The Dream Chaser space plane is reusable and ready for the runway

When NASA's Space Shuttle program ended after 30 years in July 2011, so did a familiar sight often captured in TV news clips — huge black-and-white orbiters arriving for landing after hundreds of successful orbits around Earth, orbiting fully extended and gliding down the runway like Ordinary plane.

Now, as part of NASA's goal of sending supplies to the International Space Station aboard a reusable spacecraft that can reenter the atmosphere and land safely without having to dive into the ocean, such a new spaceplane is expected to launch itself into the spotlight this year. .

Designed and built by Sierra Space at the company's headquarters in Louisville, Colorado, the first Dream Chaser spaceplane — called Tenacity — has undergone rigorous environmental testing at NASA's Neil Armstrong Test Facility in Ohio since November.

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Supported by NASA's 2016 Commercial Resupply Services 2 (CRS-2) contract to transport cargo to and from the International Space Station, the unmanned vehicle is the first of the company's spacecraft fleet and is scheduled to provide at least seven unmanned cargo missions from To and from the International Space Station.

What is a dream chaser?

In development for more than a decade, the Dream Chaser may eventually carry a human crew in its next evolution, but for now and by this decade's standards, the vehicle is self-driving, taking commands from the company's mission control center in Colorado until it is operational. . Arrives at the International Space Station.

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Tenacity, along with an attached cargo module called the Shooting Star, is scheduled to deliver 12,000 pounds — roughly the weight of two Ford F-150s — to the International Space Station. The cargo could include almost anything – food, water, supplies for the astronauts, scientific equipment and spare parts for the station.

With no need to accommodate a human crew, most of Tenacity's available space is freed up for carefully stacked payload, and this version of the spaceplane has no windows.

The loading process for most cargo will begin 30 days before launch, but NASA's contract calls for a 24- to 48-hour window before launch, said Angie Wise, chief safety officer and senior vice president for safety and mission assurance at Sierra Space. Release for live charges, cold packs and other temperature sensitive equipment.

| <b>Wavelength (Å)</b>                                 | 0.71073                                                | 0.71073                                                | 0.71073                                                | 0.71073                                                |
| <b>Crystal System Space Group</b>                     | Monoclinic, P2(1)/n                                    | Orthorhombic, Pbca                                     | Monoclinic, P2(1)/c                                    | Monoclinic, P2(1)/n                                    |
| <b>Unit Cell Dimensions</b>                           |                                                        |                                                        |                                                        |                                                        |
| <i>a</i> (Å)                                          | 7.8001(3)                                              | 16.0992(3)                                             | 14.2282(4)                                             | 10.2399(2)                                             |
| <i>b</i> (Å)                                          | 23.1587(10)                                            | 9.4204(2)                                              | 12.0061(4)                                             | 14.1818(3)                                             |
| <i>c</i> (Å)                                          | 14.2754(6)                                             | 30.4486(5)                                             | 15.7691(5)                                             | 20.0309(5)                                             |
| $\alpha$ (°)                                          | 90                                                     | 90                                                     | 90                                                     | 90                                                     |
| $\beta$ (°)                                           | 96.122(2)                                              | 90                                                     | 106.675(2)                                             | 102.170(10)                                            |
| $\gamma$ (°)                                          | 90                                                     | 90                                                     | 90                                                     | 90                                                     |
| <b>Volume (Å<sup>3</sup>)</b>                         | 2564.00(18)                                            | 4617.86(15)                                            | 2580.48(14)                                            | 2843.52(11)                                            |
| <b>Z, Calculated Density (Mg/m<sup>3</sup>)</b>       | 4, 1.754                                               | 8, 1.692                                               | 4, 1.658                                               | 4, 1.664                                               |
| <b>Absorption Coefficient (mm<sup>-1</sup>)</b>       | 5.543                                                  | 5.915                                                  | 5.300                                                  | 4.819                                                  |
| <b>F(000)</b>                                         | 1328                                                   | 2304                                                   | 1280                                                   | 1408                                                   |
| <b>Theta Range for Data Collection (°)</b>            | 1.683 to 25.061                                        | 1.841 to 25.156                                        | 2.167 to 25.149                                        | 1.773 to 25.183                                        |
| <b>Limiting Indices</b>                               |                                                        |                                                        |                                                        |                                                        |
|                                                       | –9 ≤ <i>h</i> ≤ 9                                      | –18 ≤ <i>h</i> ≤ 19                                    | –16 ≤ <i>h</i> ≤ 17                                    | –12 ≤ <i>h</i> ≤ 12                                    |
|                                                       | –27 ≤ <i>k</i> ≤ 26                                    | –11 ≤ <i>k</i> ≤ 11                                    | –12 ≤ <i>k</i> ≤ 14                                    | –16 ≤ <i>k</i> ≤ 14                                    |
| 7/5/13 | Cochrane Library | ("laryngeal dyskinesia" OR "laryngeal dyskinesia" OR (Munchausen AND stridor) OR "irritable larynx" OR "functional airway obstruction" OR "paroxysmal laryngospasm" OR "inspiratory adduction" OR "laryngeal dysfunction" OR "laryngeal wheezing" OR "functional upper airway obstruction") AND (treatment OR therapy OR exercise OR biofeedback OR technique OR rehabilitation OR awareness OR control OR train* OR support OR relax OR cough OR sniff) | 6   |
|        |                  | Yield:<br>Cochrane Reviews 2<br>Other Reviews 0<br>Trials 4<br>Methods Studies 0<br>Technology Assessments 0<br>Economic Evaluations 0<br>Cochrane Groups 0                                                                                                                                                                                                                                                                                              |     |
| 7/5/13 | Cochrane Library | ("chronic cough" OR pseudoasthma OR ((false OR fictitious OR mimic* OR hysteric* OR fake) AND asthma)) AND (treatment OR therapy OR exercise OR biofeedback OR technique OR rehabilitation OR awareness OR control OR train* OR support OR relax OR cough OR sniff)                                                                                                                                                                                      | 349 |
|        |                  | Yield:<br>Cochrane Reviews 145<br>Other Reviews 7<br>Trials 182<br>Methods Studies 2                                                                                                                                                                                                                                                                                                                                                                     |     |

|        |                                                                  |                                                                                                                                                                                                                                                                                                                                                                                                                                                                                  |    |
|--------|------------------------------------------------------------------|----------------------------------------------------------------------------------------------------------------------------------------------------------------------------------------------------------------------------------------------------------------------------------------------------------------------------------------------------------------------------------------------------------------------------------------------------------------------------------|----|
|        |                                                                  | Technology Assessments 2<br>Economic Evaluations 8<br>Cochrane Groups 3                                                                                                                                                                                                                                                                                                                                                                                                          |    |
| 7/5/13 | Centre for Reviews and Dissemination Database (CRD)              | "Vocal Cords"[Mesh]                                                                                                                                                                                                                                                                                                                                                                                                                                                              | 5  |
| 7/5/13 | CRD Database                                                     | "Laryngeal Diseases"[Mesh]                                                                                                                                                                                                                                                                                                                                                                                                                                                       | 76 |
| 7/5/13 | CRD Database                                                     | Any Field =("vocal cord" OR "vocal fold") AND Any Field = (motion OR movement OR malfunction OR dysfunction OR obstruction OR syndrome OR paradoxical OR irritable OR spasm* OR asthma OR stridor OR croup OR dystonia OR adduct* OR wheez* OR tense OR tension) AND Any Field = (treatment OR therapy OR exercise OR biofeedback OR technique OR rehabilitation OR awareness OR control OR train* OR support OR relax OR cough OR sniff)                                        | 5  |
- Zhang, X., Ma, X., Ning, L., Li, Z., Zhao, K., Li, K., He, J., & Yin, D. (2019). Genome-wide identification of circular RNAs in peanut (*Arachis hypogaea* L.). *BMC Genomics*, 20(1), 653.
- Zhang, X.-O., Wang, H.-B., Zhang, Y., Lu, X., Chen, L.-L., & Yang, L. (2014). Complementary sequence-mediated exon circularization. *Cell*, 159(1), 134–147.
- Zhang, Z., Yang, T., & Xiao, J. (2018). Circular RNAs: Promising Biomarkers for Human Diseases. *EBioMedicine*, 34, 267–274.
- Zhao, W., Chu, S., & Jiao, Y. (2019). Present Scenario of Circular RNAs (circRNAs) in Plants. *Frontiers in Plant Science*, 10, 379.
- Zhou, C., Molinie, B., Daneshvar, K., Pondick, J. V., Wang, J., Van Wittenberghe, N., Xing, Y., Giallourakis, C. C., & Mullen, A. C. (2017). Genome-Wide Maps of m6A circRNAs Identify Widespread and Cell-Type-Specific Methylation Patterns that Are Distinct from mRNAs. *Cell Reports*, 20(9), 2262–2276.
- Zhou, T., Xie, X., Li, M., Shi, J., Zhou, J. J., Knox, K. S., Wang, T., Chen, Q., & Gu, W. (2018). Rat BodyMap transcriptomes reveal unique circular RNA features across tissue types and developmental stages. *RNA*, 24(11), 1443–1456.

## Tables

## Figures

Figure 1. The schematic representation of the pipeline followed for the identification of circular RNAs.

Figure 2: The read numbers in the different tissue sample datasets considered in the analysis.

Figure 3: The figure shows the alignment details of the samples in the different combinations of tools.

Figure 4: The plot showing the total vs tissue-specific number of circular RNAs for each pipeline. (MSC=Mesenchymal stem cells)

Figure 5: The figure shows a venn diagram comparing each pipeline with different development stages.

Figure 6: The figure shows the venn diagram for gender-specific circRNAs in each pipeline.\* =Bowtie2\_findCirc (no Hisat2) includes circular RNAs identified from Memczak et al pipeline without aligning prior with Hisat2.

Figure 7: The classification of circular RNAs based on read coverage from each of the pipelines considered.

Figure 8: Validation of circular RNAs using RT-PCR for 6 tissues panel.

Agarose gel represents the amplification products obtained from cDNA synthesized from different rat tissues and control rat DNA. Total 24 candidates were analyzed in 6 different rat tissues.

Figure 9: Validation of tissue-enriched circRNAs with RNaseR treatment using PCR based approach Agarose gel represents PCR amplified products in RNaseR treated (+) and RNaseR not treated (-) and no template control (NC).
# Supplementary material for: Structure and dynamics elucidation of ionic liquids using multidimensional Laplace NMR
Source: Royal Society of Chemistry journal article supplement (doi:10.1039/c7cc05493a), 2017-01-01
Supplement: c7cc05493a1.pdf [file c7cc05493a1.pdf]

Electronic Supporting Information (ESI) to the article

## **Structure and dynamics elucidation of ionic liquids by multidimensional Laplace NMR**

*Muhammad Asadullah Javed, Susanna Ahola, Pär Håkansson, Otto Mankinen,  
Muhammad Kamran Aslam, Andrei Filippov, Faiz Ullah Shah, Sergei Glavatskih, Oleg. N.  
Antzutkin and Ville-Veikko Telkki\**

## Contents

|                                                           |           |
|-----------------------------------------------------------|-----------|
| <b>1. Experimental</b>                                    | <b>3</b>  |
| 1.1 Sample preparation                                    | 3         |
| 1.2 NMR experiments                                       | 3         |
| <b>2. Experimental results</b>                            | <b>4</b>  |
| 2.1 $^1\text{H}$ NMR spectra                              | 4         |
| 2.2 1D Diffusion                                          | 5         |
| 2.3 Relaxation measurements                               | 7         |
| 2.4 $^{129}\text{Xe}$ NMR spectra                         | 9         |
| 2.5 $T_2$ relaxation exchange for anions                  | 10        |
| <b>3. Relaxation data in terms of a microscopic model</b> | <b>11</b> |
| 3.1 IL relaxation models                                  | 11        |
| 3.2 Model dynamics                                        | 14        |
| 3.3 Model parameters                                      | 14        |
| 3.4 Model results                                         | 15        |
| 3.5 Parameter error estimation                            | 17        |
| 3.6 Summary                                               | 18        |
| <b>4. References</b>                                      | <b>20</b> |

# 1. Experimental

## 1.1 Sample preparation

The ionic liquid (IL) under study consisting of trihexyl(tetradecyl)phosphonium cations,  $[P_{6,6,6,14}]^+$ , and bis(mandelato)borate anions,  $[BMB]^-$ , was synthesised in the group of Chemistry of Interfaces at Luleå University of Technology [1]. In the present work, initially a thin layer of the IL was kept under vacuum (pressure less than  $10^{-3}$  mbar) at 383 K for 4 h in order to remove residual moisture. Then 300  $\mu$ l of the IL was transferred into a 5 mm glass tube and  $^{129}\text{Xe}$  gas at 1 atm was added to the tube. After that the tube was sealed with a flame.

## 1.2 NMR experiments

“Our team likes to refer to it as professional Tetris,” Wise said. “Here at our facility in Louisville, not only do we train our crew on how to load and unload our vehicle, we bring the astronaut crews to our facility to learn how to receive our vehicle, open the hatch, and load and unload the payload.”

While docked at the ISS, the Tenacity unloading and reloading process will take approximately 35 to 75 days, and the daily crew time allocated to unloading and reloading is limited.

The ISS crew will also load items to be destroyed onto the Shooting Star, which will not make the return trip to Earth. After the Tenacity separates from the ISS and begins burning in orbit, the cargo module separates from the Tenacity and burns up along with its contents upon reentry.

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How will the space plane arrive and connect to the International Space Station?

After Tenacity and Shooting Star complete their final environmental tests at Armstrong, NASA will ship the spacecraft to Kennedy Space Center to begin loading and preparing it for launch.

Tenacity embarks on its journey to low Earth orbit packed inside the 5-meter payload of United Launch Alliance's Vulcan rocket. Here are the main phases of the Tenacity mission to and from the International Space Station:

While Sierra Space says the Dream Chaser is capable of landing on large commercial runways, NASA has requested that Tenacity land at Kennedy Space Center's Shuttle Landing Facility to allow crews to retrieve cargo, instrumentation and sensitive science experiments more quickly.

According to Matthew Clark, chief brand officer and senior vice president of marketing communications for Sierra Space, Florida is ideal for these missions.

“By landing in Florida, we can remove the payload and get to it very quickly, and unlike the solutions we have around us today, we're not landing in the ocean, and it doesn't take a huge amount of time that we have to get to,” he said. “That's kind of “It's a big difference for us in terms of what we offer.”

Because of the thousands of foam-like thermal tiles covering the Dream Chaser, the spacecraft is able to cool down quickly after landing, making unloading time-sensitive cargo more efficient, Wise noted.

“Although we can get up to 3,000 degrees upon re-entry, within 30 minutes (Tenacity) has cooled enough that we can approach the vehicle and remove all the cargo and equipment from it,” she said.

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How does the Tenacity spaceplane compare to the space shuttle?

From nose to tail, Perseverance is just under 30 feet long, nearly a quarter of the length of NASA's space shuttle vehicles.

Unlike the space shuttles, which require solid rocket boosters and main engines that produce a combined 7.8 million pounds of thrust for launch, Tenacity's smaller size and foldable wings make it compatible with a variety of launch vehicle systems.

Space Sierra Resources; NASA; Florida today

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